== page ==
Fans of old school Westerns, and particularly of John Wayne, are usually the only ones who stand by the original True Grit as a classic, while the rest of the world has kind of moved on without it. But even less well-remembered is the Charles Portis novel it was based on, and which the Coen Brothers studied thoroughly as they prepared their new version of the story, which hit theaters a few days ago. The novel was the #2-best-selling book in the country when the True Grit movie came out in 1968, but there may be an explanation for why not that many people remember it-- no one actually read it the first time around either.

The New York Times talked to former Paramount publicity exec Bob Rehme, who confessed that he was in charge of goosing sales of the book before the movie adaptation hit theaters. Paramount wanted the book to "live up to its reputation as a best seller" before the movie was released, so Rehme, in their words, "set out to rig the game":

Mr. Rehme recalled sending out members of the Paramount office staff to buy boxes of books from stores that, according to his information, were being monitored by The New York Times in compiling its best-seller list. (These days a dagger symbol next to a book on the best-seller list indicates that booksellers have noted bulk sales.)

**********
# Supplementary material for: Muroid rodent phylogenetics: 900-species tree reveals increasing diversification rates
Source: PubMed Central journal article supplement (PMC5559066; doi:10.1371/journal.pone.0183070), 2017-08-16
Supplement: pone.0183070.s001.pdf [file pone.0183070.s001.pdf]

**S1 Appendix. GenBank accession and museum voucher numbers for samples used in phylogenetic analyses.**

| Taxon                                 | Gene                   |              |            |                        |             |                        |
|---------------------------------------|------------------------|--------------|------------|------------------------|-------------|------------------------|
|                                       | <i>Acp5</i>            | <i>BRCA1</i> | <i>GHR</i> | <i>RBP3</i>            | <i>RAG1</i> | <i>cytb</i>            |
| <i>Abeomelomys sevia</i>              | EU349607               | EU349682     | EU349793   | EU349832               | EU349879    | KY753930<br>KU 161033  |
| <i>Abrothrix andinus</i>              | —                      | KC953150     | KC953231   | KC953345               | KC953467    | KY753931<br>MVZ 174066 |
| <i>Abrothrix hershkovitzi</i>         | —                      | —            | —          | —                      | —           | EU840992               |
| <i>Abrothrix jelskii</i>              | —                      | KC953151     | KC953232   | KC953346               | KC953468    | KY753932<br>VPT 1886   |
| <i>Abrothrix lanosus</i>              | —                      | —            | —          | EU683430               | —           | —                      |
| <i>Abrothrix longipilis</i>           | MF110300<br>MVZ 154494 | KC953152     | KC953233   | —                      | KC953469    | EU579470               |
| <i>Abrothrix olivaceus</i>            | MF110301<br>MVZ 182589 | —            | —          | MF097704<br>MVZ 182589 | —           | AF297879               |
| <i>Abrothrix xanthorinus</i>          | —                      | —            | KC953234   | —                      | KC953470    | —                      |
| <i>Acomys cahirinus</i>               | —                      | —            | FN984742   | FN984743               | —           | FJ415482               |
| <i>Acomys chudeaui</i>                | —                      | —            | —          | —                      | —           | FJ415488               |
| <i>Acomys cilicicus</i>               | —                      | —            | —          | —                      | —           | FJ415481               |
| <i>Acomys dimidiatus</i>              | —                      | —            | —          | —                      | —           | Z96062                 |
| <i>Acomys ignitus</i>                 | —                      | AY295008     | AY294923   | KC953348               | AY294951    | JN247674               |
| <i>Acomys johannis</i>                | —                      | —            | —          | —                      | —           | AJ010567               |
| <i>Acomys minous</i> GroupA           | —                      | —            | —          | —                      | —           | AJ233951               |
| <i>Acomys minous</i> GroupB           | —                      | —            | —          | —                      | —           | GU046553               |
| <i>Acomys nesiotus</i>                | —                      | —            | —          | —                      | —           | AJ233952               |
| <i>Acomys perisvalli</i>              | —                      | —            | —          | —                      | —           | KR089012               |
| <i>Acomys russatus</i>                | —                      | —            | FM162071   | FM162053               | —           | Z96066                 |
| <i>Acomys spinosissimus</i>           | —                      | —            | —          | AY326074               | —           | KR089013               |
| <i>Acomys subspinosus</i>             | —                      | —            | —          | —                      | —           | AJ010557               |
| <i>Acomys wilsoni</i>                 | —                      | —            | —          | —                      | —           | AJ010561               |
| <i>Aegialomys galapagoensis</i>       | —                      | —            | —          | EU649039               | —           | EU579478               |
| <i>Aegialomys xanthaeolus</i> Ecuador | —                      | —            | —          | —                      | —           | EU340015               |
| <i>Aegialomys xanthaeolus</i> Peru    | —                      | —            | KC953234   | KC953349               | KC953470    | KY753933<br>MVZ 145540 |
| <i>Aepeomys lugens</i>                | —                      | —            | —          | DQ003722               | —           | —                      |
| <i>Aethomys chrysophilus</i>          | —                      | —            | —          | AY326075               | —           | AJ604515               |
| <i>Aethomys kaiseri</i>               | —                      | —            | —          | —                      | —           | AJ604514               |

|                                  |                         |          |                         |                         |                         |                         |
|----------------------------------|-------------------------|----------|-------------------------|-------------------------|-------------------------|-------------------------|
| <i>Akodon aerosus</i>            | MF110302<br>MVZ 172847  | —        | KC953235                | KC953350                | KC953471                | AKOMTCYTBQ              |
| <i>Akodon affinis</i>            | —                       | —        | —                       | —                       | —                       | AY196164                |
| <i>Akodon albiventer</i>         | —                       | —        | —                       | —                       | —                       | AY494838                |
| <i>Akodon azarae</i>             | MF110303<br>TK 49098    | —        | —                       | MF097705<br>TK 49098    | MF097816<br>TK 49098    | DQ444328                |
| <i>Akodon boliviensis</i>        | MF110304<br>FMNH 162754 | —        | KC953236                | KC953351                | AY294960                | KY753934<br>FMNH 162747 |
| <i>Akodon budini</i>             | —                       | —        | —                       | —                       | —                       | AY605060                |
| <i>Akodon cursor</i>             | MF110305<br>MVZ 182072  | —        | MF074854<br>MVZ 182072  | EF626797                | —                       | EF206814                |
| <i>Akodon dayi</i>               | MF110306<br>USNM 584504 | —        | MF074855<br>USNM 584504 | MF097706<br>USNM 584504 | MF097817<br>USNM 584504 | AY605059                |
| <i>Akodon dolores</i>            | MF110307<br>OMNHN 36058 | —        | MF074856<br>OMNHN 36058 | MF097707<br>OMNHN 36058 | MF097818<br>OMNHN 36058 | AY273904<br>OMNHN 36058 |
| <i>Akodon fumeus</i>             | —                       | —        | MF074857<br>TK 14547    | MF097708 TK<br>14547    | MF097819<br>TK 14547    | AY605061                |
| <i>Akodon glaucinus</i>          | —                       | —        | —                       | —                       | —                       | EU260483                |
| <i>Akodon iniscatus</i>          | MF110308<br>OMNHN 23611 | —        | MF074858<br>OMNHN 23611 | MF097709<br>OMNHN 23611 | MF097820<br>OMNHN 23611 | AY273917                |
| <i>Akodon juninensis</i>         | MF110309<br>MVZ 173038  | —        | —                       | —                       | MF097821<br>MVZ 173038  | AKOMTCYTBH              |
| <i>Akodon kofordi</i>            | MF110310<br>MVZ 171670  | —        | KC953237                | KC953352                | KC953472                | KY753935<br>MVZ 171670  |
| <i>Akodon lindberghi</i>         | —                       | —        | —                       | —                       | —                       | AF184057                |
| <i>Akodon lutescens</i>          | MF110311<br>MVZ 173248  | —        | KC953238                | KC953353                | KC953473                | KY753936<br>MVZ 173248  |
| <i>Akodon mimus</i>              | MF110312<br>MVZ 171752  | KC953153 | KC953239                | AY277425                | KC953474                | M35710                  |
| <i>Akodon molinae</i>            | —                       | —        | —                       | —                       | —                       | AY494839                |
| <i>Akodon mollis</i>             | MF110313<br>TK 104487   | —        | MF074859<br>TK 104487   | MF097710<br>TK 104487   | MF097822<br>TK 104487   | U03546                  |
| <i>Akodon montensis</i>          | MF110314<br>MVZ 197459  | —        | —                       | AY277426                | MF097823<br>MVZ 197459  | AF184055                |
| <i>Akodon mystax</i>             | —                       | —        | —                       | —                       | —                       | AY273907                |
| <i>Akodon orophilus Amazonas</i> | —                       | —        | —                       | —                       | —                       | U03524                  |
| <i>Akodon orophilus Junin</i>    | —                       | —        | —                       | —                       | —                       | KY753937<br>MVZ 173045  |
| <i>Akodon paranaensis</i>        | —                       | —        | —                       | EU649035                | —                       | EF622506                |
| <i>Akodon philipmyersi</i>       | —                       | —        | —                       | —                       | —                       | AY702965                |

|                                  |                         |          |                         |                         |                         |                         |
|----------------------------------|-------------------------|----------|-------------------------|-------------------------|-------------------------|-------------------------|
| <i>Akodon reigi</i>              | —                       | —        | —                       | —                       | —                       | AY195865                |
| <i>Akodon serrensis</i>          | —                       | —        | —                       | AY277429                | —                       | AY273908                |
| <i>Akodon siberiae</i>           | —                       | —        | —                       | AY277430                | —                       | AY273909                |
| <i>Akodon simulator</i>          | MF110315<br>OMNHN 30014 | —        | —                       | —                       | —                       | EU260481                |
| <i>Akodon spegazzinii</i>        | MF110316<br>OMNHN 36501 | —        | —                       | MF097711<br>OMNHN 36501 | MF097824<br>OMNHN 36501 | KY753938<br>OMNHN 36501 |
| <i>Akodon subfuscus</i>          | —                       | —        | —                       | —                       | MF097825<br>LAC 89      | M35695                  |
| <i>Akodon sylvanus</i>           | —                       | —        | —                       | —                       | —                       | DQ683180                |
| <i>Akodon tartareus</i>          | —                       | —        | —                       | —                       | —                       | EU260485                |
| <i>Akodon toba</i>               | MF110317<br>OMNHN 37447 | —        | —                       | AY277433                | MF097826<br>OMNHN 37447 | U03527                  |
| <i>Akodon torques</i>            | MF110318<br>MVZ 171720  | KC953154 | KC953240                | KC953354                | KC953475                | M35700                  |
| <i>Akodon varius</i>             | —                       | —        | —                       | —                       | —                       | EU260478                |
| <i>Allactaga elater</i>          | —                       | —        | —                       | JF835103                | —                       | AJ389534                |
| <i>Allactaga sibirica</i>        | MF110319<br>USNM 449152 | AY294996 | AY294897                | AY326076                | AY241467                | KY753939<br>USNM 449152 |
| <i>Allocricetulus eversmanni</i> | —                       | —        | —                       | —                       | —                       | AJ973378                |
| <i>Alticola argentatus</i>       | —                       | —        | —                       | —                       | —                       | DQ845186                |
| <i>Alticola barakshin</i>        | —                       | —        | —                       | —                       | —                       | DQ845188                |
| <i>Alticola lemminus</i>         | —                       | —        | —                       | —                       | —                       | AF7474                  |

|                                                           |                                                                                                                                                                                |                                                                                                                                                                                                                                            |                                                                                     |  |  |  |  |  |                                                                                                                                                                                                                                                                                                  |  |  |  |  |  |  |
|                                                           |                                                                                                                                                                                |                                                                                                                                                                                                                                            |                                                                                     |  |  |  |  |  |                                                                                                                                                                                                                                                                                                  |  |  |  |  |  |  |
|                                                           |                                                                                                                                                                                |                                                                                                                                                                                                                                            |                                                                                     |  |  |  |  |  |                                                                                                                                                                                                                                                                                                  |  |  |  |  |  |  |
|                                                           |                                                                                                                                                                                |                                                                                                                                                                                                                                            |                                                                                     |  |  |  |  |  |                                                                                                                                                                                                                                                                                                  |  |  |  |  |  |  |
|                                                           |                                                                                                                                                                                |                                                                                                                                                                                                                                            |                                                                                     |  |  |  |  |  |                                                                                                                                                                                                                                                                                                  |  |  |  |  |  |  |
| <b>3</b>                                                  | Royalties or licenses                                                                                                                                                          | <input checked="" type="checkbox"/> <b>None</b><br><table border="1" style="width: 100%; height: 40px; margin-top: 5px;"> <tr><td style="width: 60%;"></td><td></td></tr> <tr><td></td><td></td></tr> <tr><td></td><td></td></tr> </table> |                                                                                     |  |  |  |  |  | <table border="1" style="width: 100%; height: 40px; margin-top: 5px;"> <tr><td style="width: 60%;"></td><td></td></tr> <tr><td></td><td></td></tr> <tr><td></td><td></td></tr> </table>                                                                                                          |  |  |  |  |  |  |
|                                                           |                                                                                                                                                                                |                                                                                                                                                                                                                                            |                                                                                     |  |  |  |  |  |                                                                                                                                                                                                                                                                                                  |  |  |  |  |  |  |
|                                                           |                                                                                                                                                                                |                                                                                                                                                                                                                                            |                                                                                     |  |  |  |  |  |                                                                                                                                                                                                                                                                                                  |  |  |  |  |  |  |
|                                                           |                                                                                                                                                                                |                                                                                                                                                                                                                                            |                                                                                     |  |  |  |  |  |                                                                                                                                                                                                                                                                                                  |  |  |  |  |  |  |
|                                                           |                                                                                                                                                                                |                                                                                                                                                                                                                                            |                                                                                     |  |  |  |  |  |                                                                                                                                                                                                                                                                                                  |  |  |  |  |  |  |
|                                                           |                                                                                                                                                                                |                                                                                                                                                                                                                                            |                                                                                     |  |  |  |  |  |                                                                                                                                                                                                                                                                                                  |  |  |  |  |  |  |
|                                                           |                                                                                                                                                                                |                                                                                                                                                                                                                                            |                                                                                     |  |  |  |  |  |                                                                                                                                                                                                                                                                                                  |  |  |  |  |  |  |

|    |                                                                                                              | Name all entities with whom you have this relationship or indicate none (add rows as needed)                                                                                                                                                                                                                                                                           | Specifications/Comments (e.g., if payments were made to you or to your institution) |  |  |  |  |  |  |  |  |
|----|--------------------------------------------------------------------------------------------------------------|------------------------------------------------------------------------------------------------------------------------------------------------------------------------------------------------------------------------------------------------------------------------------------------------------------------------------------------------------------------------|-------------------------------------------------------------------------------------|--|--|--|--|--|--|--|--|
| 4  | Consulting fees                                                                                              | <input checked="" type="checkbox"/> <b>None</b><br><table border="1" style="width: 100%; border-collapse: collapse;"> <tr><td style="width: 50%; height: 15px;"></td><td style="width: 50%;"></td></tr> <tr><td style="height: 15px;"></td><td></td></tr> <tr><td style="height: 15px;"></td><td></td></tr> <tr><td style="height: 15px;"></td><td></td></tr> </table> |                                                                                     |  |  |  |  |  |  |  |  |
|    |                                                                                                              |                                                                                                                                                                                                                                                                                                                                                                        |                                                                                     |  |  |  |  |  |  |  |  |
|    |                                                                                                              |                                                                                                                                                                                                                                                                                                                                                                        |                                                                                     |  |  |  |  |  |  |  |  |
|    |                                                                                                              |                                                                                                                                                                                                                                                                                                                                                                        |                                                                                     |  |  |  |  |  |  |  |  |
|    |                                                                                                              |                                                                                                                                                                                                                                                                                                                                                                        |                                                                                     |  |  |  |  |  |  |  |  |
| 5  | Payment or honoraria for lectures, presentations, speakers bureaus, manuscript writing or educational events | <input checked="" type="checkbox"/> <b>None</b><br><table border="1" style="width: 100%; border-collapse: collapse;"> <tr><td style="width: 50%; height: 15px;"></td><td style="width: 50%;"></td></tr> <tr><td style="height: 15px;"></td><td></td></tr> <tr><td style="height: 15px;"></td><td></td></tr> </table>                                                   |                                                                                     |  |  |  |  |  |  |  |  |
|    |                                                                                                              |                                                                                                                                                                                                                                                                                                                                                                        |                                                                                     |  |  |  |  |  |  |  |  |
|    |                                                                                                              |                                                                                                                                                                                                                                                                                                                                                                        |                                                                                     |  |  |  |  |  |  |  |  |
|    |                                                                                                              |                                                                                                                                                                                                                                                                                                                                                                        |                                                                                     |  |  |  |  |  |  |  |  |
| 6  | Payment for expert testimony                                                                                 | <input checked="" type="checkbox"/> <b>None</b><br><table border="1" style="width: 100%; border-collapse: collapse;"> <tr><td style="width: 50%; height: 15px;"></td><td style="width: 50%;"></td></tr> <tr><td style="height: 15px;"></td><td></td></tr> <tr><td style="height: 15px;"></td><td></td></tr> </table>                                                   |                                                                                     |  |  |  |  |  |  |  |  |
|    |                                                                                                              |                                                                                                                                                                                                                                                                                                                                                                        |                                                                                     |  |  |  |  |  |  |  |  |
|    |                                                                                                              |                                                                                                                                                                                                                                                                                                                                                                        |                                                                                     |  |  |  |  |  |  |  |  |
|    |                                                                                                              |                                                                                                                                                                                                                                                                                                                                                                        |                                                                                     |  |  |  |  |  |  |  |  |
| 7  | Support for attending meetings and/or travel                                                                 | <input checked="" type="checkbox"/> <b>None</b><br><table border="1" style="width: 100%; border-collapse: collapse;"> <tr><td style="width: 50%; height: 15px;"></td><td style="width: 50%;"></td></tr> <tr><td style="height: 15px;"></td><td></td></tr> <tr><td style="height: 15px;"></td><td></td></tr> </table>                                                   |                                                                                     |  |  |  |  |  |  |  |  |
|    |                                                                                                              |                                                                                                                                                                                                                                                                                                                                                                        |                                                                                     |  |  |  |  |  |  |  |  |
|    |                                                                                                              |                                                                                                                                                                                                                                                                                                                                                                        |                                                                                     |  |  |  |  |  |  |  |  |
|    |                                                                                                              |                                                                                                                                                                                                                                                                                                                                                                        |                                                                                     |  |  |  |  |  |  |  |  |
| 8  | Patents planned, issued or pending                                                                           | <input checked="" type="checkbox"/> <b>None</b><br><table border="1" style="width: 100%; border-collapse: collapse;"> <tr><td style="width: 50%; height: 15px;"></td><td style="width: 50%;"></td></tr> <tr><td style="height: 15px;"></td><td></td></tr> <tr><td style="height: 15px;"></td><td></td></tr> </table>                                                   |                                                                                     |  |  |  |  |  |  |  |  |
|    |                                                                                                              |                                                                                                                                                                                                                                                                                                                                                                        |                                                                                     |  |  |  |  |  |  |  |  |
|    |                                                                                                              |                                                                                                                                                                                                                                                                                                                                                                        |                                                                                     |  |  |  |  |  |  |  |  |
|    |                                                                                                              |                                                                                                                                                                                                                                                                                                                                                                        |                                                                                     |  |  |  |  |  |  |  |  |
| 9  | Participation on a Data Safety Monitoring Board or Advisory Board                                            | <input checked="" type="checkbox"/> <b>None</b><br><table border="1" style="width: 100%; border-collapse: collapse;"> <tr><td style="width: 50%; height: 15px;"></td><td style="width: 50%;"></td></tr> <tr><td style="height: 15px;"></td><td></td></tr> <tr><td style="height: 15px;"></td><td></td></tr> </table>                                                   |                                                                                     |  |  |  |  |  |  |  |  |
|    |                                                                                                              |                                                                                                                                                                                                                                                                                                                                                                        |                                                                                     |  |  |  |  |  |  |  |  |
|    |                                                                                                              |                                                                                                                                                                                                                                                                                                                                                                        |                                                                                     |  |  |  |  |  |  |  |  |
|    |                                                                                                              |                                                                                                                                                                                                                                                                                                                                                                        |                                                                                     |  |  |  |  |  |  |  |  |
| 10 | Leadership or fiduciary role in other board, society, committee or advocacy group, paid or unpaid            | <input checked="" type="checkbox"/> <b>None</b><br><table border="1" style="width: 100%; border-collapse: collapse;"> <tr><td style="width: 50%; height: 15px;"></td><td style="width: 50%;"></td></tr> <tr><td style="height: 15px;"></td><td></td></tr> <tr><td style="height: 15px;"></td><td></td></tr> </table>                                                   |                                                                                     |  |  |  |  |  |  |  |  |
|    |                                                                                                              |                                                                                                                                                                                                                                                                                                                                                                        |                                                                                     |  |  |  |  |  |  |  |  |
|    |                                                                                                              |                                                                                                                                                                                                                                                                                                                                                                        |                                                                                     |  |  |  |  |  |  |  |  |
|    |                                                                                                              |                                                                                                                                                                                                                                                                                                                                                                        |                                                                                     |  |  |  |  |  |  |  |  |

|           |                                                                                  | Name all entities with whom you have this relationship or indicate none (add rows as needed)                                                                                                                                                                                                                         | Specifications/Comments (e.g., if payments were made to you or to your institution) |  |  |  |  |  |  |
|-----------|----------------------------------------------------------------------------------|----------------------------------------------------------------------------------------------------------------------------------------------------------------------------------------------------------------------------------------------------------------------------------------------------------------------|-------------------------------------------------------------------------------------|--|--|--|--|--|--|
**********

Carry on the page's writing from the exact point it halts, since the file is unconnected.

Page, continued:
“It worked,” maintains Mr. Rehme, who then circulated all those books to people in the news media and others, pumping up interest in a story Paramount was promoting as “a brand-new brand of American frontier story.”

Sure that whole dagger-symbol thing means this exact scheme wouldn't work these days-- and they'd want to increase the Amazon ranking above anything anyway-- but this story is just another example of how endlessly inventive Hollywood can be when money is on the line. No word on similar shenanigans happening at Paramount for the Coens' take on the story, but if it turns out Jeff Bridges' Oscar win last year was a coordinated effort between Paramount and Sony to make Bridges a big star in time for True Grit and Tron: Legacy to hit theaters, you're not allowed to be surprised.

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